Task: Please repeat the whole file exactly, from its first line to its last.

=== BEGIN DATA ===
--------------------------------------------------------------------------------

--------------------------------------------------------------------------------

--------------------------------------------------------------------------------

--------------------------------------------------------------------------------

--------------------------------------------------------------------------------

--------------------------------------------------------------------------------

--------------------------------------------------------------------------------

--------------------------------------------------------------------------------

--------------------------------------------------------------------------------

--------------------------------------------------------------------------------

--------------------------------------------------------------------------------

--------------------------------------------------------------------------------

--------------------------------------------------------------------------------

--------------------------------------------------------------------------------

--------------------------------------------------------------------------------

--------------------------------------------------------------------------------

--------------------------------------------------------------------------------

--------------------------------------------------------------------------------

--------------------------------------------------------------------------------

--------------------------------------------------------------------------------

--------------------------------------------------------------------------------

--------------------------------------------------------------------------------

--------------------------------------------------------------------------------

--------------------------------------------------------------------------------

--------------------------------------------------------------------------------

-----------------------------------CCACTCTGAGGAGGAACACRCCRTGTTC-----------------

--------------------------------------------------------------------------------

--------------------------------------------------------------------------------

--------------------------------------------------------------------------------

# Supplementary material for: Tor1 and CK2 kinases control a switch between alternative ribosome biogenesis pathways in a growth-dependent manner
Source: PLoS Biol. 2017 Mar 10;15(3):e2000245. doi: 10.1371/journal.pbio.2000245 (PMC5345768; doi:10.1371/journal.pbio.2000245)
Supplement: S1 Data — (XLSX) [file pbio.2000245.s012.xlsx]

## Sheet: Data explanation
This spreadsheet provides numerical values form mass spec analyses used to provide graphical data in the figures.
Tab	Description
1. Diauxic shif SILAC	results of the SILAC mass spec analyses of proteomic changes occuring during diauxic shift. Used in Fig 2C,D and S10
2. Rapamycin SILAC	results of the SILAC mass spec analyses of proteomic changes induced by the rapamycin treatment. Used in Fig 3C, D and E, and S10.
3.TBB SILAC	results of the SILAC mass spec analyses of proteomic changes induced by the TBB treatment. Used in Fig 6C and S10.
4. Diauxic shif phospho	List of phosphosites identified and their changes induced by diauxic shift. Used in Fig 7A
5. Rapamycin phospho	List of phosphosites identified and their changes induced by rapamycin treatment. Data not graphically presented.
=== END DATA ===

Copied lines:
--------------------------------------------------------------------------------

--------------------------------------------------------------------------------

--------------------------------------------------------------------------------

--------------------------------------------------------------------------------

--------------------------------------------------------------------------------

--------------------------------------------------------------------------------

--------------------------------------------------------------------------------

--------------------------------------------------------------------------------

--------------------------------------------------------------------------------

--------------------------------------------------------------------------------

--------------------------------------------------------------------------------

--------------------------------------------------------------------------------

--------------------------------------------------------------------------------

--------------------------------------------------------------------------------

--------------------------------------------------------------------------------

--------------------------------------------------------------------------------

--------------------------------------------------------------------------------

--------------------------------------------------------------------------------

--------------------------------------------------------------------------------

--------------------------------------------------------------------------------

--------------------------------------------------------------------------------

--------------------------------------------------------------------------------

--------------------------------------------------------------------------------

--------------------------------------------------------------------------------

--------------------------------------------------------------------------------

-----------------------------------CCACTCTGAGGAGGAACACRCCRTGTTC-----------------

--------------------------------------------------------------------------------

--------------------------------------------------------------------------------

--------------------------------------------------------------------------------

# Supplementary material for: Tor1 and CK2 kinases control a switch between alternative ribosome biogenesis pathways in a growth-dependent manner
Source: PLoS Biol. 2017 Mar 10;15(3):e2000245. doi: 10.1371/journal.pbio.2000245 (PMC5345768; doi:10.1371/journal.pbio.2000245)
Supplement: S1 Data — (XLSX) [file pbio.2000245.s012.xlsx]

## Sheet: Data explanation
This spreadsheet provides numerical values form mass spec analyses used to provide graphical data in the figures.
Tab	Description
1. Diauxic shif SILAC	results of the SILAC mass spec analyses of proteomic changes occuring during diauxic shift. Used in Fig 2C,D and S10
2. Rapamycin SILAC	results of the SILAC mass spec analyses of proteomic changes induced by the rapamycin treatment. Used in Fig 3C, D and E, and S10.
3.TBB SILAC	results of the SILAC mass spec analyses of proteomic changes induced by the TBB treatment. Used in Fig 6C and S10.
4. Diauxic shif phospho	List of phosphosites identified and their changes induced by diauxic shift. Used in Fig 7A
5. Rapamycin phospho	List of phosphosites identified and their changes induced by rapamycin treatment. Data not graphically presented.